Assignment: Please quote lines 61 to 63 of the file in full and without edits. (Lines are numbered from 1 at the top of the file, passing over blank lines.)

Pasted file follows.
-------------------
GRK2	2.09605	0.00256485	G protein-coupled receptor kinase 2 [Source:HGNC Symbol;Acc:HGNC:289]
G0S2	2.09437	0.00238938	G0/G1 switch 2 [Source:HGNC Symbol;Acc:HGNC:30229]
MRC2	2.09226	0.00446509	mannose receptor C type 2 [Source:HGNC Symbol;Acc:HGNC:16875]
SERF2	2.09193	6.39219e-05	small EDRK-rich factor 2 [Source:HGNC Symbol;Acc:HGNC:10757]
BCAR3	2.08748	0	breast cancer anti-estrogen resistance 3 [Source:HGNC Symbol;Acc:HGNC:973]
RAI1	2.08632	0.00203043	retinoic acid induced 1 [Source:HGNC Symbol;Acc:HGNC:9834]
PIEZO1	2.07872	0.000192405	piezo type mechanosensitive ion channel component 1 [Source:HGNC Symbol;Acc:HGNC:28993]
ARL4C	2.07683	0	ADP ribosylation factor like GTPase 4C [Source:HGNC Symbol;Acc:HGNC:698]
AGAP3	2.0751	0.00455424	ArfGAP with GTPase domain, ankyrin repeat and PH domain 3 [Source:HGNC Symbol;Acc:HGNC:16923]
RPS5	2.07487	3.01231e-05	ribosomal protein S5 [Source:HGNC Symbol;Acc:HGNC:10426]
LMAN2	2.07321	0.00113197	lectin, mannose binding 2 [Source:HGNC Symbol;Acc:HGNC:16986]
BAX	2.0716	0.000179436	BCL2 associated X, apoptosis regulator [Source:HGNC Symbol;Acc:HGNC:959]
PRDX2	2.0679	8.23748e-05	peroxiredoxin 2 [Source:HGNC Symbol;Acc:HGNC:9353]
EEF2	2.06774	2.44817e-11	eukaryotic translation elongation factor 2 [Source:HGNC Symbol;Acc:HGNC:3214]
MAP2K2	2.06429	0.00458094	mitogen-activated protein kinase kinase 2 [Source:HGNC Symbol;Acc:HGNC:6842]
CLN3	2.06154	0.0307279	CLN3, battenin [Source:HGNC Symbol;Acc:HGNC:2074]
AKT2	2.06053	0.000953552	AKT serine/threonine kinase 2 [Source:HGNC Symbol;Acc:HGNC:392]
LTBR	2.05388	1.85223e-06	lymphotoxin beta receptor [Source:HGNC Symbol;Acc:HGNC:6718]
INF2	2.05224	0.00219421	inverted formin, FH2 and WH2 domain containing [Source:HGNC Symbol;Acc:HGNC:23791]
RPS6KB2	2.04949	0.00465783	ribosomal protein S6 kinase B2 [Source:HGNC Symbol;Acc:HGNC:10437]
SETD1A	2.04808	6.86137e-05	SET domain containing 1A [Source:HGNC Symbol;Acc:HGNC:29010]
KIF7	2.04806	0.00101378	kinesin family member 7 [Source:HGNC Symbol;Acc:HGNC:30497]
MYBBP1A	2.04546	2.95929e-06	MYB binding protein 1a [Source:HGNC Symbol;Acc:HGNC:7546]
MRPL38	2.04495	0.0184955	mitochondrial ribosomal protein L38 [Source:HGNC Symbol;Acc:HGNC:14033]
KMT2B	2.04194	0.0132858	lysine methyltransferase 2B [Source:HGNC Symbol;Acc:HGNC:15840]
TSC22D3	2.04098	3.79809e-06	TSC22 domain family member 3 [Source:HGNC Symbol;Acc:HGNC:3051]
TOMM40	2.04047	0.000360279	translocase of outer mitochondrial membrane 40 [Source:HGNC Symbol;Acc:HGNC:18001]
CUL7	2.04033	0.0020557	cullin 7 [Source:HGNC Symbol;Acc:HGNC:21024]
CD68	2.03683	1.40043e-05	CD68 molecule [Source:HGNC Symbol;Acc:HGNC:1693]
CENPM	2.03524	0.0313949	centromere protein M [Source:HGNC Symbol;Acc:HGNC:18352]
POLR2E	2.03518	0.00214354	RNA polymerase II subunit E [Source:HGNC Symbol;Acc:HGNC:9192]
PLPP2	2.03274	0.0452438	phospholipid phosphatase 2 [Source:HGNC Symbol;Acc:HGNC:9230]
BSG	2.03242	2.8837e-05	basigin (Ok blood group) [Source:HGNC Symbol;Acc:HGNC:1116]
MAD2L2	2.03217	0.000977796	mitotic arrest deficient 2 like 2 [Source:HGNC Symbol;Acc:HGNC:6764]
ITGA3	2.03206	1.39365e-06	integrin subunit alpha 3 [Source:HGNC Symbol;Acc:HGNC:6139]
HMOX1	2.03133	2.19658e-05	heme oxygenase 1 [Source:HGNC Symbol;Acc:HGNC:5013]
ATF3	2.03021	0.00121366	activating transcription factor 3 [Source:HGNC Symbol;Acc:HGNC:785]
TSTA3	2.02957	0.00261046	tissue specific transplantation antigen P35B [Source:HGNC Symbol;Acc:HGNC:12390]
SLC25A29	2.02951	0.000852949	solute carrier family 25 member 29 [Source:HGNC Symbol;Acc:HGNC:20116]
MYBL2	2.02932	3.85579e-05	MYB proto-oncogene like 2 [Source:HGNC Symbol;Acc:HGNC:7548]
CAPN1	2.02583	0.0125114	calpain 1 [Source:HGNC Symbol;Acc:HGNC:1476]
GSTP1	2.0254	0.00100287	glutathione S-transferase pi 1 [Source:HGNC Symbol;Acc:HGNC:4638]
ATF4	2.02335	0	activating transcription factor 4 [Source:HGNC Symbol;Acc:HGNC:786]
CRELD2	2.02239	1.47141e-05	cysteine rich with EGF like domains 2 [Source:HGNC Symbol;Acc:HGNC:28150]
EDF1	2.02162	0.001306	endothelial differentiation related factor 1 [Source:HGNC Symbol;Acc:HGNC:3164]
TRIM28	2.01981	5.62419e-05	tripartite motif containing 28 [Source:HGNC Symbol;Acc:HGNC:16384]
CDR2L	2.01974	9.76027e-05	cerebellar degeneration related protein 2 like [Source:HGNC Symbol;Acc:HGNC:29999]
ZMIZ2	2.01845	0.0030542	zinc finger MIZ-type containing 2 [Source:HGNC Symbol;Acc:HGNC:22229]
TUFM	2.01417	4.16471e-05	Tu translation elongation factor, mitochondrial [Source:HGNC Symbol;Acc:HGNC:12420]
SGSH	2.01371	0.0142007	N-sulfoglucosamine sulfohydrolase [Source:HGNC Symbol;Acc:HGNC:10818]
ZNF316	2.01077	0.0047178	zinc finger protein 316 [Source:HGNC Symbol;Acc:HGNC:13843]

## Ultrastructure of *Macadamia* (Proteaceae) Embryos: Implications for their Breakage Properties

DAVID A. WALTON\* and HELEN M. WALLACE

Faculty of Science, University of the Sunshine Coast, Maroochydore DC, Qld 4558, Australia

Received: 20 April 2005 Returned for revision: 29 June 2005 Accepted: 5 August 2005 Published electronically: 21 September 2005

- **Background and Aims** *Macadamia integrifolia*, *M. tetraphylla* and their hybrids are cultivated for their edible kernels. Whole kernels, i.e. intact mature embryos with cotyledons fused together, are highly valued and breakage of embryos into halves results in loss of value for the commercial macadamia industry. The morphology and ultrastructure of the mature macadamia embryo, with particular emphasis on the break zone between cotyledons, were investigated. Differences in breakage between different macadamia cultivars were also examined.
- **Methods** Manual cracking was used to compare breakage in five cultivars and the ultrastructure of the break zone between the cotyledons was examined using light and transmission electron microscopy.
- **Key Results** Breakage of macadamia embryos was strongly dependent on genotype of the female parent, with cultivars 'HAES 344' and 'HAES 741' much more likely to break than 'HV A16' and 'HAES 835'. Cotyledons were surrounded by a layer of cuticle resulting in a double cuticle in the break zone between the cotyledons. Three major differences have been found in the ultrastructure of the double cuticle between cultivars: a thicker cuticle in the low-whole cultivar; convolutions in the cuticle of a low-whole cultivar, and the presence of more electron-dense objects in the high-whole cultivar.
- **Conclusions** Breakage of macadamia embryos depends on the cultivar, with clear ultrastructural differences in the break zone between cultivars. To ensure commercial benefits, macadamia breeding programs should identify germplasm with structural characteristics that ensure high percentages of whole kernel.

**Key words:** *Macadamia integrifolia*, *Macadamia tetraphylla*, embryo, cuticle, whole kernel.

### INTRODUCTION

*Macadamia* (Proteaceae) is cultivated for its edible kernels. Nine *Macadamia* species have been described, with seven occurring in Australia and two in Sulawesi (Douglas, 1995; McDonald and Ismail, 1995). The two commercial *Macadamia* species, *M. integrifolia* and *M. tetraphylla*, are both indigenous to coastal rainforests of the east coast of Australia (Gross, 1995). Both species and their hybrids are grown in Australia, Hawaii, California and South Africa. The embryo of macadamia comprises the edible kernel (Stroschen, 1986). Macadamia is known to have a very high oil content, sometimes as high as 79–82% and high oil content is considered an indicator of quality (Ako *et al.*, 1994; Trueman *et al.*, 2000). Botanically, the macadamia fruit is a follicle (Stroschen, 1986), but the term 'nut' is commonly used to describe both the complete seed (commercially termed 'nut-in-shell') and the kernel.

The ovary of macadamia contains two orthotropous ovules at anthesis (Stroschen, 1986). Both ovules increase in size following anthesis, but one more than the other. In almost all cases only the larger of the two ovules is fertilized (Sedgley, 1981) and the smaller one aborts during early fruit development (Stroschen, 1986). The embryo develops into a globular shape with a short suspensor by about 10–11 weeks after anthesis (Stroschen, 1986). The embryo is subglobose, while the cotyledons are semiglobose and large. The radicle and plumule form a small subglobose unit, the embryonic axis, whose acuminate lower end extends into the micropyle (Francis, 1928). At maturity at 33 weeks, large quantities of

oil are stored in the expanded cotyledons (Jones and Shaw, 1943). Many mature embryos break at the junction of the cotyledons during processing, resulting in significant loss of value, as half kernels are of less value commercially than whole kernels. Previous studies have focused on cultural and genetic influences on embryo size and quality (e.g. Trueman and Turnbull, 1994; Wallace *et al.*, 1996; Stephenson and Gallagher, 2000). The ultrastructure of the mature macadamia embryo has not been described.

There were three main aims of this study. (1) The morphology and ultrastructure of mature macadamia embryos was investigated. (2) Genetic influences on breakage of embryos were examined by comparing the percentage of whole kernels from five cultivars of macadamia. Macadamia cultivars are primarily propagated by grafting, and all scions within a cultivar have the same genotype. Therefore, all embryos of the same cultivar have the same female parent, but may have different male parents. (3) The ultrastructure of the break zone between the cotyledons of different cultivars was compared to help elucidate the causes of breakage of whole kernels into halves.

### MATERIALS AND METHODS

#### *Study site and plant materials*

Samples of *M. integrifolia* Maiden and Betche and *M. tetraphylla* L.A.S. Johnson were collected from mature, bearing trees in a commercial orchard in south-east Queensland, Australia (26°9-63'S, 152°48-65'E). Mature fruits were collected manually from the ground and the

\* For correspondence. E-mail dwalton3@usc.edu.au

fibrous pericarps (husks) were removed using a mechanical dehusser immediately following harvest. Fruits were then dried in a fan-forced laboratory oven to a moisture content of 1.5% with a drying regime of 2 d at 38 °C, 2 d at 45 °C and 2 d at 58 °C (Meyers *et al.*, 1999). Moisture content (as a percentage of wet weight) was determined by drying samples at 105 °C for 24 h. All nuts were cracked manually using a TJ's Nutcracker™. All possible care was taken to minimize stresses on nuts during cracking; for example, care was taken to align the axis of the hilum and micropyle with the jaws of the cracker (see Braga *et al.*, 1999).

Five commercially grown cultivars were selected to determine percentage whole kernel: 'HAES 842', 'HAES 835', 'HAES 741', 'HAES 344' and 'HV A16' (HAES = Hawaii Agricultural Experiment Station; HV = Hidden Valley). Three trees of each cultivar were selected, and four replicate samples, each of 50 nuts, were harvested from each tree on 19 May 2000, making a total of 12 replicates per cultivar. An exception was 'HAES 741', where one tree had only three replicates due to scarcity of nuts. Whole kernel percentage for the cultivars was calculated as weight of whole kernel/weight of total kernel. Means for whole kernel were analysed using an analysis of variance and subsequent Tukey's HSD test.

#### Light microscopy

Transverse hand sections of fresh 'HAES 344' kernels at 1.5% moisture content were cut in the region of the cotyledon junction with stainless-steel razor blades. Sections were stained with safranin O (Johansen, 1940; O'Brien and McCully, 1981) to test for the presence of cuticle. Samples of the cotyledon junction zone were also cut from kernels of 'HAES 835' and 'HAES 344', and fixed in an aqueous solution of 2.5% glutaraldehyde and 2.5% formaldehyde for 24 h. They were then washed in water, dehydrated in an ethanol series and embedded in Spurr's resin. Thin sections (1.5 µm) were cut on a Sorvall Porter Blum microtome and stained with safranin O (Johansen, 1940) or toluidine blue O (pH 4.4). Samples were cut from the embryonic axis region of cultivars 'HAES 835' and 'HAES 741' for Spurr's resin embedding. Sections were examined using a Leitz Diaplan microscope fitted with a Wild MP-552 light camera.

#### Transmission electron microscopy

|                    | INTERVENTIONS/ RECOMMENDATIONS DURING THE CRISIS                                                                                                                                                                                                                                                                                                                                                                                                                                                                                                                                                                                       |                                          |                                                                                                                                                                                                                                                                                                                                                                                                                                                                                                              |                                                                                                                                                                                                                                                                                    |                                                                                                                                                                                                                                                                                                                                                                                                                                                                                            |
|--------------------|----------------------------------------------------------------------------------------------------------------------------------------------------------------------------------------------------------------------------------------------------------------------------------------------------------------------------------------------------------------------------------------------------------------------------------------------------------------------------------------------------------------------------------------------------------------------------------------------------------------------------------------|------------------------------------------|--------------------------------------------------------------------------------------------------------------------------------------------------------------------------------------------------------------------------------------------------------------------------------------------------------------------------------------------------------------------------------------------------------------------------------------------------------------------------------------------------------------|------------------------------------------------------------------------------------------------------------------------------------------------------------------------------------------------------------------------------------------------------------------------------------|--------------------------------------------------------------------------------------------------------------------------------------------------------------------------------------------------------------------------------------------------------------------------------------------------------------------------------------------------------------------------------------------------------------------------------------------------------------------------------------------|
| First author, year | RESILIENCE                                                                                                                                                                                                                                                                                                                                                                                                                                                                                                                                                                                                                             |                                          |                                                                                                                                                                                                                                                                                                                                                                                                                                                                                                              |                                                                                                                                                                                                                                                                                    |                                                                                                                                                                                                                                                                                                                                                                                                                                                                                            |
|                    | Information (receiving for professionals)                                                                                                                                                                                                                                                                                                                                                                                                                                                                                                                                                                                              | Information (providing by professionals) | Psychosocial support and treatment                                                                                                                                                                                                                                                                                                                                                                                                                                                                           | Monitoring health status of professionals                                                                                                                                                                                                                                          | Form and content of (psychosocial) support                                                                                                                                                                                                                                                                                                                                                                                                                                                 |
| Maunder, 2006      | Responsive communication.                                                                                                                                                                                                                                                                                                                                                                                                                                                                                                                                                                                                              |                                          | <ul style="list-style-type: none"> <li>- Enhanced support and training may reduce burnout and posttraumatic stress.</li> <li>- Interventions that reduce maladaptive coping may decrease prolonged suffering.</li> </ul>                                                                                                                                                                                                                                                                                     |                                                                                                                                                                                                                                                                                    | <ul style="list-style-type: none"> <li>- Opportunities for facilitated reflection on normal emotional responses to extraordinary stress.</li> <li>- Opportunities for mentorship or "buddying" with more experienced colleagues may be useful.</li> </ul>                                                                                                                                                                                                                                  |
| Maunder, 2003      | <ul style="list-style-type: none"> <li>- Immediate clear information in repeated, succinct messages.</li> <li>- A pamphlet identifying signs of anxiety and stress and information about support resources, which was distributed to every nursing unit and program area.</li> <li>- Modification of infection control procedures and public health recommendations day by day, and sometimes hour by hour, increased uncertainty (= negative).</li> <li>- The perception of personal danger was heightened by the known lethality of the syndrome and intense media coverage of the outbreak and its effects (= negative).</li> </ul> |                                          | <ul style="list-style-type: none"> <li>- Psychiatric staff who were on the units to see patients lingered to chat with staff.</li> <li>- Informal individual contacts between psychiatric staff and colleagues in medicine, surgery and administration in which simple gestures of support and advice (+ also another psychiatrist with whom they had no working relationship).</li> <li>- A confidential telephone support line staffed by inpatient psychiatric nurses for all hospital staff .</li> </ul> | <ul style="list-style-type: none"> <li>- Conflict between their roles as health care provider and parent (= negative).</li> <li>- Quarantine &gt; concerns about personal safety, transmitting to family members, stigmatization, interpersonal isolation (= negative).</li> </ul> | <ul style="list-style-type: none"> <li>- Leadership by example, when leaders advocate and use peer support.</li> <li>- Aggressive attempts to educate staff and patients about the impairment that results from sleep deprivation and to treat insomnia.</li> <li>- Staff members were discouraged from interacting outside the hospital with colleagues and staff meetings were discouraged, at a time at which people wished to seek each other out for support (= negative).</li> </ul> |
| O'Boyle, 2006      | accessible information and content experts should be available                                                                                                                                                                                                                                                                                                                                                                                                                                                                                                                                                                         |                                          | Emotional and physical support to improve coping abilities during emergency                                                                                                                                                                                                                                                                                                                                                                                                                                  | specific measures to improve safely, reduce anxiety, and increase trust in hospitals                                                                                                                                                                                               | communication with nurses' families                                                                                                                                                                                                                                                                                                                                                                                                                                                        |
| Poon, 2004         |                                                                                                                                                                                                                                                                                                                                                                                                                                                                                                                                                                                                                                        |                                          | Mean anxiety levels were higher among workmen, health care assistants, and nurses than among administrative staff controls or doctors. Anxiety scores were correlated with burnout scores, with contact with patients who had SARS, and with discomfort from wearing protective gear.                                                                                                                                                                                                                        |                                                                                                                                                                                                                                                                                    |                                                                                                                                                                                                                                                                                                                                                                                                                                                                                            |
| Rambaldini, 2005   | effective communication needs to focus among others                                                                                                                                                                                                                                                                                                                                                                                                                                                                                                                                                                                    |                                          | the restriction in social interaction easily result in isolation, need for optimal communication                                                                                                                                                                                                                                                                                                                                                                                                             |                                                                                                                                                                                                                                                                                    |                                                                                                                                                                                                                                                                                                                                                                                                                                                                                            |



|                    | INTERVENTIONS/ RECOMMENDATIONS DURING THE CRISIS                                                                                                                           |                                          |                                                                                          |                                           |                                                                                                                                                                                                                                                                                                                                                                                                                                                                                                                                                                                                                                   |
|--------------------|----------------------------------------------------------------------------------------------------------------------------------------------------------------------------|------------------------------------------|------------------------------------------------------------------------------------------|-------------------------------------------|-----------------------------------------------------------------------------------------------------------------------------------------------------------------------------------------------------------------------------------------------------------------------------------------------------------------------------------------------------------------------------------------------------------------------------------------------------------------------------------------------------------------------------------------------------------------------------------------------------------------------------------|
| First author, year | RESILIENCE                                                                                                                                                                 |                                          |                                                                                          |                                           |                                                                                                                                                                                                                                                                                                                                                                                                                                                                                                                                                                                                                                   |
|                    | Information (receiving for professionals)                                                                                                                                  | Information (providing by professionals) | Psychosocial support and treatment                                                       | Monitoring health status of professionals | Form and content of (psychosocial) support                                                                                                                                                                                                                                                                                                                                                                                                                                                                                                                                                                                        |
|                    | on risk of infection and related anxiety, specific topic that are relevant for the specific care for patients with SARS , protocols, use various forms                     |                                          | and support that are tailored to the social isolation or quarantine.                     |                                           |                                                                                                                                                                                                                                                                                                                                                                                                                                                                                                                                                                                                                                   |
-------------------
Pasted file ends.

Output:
### INTRODUCTION

*Macadamia* (Proteaceae) is cultivated for its edible kernels. Nine *Macadamia* species have been described, with seven occurring in Australia and two in Sulawesi (Douglas, 1995; McDonald and Ismail, 1995). The two commercial *Macadamia* species, *M. integrifolia* and *M. tetraphylla*, are both indigenous to coastal rainforests of the east coast of Australia (Gross, 1995). Both species and their hybrids are grown in Australia, Hawaii, California and South Africa. The embryo of macadamia comprises the edible kernel (Stroschen, 1986). Macadamia is known to have a very high oil content, sometimes as high as 79–82% and high oil content is considered an indicator of quality (Ako *et al.*, 1994; Trueman *et al.*, 2000). Botanically, the macadamia fruit is a follicle (Stroschen, 1986), but the term 'nut' is commonly used to describe both the complete seed (commercially termed 'nut-in-shell') and the kernel.

The ovary of macadamia contains two orthotropous ovules at anthesis (Stroschen, 1986). Both ovules increase in size following anthesis, but one more than the other. In almost all cases only the larger of the two ovules is fertilized (Sedgley, 1981) and the smaller one aborts during early fruit development (Stroschen, 1986). The embryo develops into a globular shape with a short suspensor by about 10–11 weeks after anthesis (Stroschen, 1986). The embryo is subglobose, while the cotyledons are semiglobose and large. The radicle and plumule form a small subglobose unit, the embryonic axis, whose acuminate lower end extends into the micropyle (Francis, 1928). At maturity at 33 weeks, large quantities of